Making Capitalism in Rural China

Making Capitalism in Rural China

Michael Webber

This stimulating and challenging book explores the duplicitous nature of development in China. On the positive side, it brings longer and healthier lives; fewer children dead before they are five years old; more comfort and security from famine and disaster; more education; more communication; more travel; less war. But from another, darker perspective, development brings violence to some people – those who are in the way of the new things, those who cannot adapt to the new ways – and it threatens old knowledges, habits and societies as it disrupts old power structures.

Chapter 6: Water Wallies

Michael Webber

Subjects: asian studies, asian development, asian geography, asian urban and regional studies, development studies, asian development, development studies, geography, human geography, urban and regional studies, urban studies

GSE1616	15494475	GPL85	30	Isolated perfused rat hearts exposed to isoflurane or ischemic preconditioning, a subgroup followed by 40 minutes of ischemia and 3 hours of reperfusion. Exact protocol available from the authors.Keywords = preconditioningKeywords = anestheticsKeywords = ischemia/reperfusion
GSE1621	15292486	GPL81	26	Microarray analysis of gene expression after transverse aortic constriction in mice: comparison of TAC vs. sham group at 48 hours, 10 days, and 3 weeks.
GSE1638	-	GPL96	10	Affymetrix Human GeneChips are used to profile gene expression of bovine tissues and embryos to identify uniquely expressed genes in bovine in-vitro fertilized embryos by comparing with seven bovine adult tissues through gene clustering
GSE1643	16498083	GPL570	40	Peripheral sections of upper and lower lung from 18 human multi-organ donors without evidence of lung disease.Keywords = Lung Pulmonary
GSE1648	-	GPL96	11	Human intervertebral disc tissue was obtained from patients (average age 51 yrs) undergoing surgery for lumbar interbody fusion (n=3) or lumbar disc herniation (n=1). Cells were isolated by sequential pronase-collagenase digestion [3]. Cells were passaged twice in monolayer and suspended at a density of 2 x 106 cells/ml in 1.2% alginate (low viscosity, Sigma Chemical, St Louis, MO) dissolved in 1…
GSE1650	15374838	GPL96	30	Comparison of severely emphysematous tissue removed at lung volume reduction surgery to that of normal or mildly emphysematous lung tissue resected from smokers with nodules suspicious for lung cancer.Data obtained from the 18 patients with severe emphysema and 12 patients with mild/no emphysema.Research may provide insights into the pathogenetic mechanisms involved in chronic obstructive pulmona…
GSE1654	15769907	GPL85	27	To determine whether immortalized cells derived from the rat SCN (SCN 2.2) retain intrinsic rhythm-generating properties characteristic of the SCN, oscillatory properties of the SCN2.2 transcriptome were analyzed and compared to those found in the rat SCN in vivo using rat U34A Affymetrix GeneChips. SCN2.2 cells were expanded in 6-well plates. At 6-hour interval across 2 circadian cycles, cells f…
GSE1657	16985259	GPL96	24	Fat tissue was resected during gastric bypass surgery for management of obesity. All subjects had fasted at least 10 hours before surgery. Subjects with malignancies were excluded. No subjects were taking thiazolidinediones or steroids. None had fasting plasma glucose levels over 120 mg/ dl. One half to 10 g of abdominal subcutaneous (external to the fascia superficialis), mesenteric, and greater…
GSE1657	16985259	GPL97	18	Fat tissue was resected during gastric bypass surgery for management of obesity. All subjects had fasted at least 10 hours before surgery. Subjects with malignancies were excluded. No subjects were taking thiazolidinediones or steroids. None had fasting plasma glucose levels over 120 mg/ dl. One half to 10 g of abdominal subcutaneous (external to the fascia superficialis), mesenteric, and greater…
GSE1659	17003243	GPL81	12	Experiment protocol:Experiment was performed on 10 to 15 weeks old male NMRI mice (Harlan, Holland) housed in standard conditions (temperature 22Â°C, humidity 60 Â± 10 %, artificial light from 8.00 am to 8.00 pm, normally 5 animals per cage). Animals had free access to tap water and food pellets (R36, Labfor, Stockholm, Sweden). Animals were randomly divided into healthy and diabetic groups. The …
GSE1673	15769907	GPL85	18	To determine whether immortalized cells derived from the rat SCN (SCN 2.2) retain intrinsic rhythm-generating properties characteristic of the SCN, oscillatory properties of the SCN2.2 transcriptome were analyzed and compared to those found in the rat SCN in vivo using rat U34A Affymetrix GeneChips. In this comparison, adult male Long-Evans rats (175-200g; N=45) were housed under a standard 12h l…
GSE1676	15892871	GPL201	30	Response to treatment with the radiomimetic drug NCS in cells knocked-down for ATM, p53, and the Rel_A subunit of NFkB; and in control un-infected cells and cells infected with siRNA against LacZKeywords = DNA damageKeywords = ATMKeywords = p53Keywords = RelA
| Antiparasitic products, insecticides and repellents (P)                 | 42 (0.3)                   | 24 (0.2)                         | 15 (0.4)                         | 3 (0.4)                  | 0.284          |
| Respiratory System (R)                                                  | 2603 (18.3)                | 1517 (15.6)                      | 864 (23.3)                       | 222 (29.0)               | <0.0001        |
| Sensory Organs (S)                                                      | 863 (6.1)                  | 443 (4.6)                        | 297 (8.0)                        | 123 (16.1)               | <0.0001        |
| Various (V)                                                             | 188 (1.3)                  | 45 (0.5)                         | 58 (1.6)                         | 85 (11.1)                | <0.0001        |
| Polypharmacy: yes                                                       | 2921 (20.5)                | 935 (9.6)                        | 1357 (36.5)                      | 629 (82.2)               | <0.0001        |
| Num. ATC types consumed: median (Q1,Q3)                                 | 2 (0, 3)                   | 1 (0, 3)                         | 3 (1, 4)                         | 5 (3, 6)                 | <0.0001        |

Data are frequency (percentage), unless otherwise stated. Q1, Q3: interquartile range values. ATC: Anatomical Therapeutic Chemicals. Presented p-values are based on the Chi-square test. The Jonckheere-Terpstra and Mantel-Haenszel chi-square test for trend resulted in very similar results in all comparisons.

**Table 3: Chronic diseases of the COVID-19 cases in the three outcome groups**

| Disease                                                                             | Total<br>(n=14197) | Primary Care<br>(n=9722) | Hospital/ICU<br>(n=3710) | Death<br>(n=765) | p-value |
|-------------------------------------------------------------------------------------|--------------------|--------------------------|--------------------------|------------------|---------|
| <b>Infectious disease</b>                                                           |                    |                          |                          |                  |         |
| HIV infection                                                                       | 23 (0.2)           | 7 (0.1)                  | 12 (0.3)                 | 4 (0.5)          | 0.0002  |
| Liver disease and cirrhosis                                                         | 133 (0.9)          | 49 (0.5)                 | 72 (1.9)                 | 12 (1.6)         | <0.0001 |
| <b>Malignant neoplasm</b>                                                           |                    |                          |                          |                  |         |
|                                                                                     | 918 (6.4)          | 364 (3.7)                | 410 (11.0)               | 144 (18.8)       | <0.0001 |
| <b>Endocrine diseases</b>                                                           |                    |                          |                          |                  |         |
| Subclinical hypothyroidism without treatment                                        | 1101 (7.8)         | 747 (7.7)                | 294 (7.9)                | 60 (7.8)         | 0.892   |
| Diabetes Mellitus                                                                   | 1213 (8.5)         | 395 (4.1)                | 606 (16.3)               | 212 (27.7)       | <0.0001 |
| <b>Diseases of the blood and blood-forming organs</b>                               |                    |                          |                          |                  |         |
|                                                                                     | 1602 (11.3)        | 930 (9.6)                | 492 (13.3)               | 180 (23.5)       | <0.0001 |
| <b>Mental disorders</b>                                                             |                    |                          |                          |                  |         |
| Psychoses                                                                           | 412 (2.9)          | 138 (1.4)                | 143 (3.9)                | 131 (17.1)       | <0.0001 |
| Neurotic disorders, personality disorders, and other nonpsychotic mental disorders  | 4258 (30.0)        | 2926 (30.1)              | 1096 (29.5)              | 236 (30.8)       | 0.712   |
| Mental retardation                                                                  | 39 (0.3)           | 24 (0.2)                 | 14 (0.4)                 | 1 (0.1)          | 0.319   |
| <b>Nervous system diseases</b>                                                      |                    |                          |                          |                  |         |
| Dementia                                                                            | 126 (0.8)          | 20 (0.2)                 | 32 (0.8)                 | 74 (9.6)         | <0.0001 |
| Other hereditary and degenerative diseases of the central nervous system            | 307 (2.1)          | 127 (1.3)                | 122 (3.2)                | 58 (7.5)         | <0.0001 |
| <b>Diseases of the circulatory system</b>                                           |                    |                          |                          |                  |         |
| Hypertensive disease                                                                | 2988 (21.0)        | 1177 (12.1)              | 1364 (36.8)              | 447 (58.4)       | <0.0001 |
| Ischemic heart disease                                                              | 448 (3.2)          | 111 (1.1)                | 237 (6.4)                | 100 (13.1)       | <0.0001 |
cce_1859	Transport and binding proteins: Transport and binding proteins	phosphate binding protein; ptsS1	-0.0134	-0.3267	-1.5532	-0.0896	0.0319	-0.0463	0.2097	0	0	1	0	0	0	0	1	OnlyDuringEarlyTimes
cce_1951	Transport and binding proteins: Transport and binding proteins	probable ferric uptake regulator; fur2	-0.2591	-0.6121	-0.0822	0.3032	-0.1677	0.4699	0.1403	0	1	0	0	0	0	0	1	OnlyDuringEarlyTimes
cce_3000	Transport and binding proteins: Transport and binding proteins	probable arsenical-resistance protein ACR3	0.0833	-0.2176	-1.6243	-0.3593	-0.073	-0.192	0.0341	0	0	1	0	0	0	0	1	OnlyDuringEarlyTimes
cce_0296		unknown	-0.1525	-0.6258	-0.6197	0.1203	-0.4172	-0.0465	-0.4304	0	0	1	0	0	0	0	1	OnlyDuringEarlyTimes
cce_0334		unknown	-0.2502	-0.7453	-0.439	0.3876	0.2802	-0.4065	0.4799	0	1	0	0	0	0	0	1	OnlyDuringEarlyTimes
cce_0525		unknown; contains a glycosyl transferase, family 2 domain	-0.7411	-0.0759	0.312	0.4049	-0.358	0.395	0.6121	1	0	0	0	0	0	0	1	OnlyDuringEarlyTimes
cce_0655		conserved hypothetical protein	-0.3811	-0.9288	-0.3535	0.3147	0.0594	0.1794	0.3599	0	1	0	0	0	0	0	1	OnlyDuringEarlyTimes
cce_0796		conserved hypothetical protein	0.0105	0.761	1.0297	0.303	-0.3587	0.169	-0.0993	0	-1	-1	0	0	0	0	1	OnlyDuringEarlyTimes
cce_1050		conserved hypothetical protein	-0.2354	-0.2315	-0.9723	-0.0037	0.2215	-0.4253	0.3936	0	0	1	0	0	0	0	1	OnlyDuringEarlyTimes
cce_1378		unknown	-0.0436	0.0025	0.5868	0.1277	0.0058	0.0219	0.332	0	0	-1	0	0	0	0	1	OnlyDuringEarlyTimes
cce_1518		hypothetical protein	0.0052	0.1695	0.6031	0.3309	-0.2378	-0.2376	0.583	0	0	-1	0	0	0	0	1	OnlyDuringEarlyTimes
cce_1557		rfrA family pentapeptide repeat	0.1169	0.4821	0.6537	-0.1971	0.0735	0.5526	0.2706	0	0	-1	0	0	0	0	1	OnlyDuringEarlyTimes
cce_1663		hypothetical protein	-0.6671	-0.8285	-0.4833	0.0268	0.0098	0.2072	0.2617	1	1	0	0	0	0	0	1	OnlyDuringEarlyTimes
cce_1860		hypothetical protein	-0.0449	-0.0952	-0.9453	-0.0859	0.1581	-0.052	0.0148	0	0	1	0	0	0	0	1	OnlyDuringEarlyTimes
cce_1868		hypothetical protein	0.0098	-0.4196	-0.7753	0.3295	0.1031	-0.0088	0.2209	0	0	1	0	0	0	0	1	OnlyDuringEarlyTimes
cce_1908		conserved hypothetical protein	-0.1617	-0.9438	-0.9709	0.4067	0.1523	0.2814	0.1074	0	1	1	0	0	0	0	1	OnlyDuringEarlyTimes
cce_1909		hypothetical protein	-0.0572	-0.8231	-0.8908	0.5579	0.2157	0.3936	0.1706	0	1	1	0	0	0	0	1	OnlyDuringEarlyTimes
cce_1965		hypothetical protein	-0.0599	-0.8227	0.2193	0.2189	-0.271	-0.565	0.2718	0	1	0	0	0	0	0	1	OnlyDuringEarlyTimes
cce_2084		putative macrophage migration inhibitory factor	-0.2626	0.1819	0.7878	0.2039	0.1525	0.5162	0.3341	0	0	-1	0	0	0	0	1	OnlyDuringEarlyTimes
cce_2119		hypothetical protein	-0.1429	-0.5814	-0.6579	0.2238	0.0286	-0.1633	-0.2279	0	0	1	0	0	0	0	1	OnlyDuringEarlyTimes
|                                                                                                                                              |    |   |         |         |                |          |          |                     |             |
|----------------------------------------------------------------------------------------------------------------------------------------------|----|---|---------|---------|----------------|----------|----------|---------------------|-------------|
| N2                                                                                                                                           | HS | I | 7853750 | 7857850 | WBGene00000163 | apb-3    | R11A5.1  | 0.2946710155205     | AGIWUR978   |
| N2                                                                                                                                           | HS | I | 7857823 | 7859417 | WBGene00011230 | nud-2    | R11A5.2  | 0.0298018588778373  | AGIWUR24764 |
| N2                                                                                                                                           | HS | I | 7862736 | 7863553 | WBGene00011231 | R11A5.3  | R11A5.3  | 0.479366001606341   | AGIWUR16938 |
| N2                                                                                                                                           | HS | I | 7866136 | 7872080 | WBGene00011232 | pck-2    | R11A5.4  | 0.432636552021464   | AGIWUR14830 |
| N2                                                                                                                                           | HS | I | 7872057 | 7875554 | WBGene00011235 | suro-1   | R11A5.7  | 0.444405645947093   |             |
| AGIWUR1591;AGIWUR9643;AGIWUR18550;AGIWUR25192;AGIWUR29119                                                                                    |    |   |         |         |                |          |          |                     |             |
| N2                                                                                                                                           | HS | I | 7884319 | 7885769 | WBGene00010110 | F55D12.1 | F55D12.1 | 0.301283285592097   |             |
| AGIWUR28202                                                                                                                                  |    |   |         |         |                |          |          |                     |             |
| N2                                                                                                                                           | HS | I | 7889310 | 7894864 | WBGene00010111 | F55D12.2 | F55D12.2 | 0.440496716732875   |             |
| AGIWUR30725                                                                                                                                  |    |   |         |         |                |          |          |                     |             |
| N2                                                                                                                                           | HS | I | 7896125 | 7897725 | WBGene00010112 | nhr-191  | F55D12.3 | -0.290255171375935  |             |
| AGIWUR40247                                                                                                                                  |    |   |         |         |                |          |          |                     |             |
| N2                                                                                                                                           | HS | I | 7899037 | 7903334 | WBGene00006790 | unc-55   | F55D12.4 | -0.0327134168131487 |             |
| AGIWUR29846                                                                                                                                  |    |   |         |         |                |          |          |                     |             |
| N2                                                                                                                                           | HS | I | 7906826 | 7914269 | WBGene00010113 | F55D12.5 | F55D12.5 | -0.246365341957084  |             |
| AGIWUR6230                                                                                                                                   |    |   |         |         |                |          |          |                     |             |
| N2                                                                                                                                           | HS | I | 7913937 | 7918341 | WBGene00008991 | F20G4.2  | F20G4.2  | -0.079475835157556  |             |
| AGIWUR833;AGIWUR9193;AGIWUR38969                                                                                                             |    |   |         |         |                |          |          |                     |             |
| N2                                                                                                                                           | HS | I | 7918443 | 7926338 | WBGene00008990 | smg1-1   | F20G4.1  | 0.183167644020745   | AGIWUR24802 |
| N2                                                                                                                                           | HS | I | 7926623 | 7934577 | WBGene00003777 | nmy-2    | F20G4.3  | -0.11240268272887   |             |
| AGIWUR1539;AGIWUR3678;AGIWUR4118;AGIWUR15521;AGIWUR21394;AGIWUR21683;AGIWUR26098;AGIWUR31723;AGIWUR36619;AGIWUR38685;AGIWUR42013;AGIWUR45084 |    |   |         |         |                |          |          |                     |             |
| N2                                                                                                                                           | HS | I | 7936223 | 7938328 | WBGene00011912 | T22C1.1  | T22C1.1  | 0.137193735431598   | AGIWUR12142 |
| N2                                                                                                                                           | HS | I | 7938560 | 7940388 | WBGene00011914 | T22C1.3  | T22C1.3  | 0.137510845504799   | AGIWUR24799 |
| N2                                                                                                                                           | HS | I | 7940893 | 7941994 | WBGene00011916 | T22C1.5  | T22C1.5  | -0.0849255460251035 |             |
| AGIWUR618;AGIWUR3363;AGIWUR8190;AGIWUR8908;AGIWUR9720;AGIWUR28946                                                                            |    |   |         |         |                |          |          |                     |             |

1 China is by all accounts short of water. The average amount of water per person in China is only 2300–2400 m3 per year, a quarter of the world average. Local and international scholars, officials and newspapers all explain that the shortage of water constrains economic development.2 Water is most scarce in the north, particularly on the North China Plain, where agriculture, industry and municipalities demand more water than is available.3 In the Hai, Huai, and Huang (Yellow) River Basins, there is only 358–750 m3 of renewable water per person per year. Shortages are compounded by pollution, falling groundwater levels, land subsidence and sea water intrusion.4 According to Wang Shucheng, Minister of Water Resources from November 1998 to April 2007, water shortages pose the biggest challenge to the government’s quest to develop an affluent society within 20 years.5 Shortages occur in part because more and more farmers in northern China irrigate their crops, but mostly because city dwellers and industry demand more and more water.6 Water shortages in grain-producing regions limit agricultural production and may yet provoke food crises.7 There is a growing clamour for measures to restrict the growth of demand, particularly to reallocate water from supposedly inefficient agricultural users to the rapidly increasing industrial and urban users, and an equal interest in moving water from where it is abundant (in and south of the Changjiang valley) to where it is less abundant (the north).8 Many international development agencies argue that the best solution to water...

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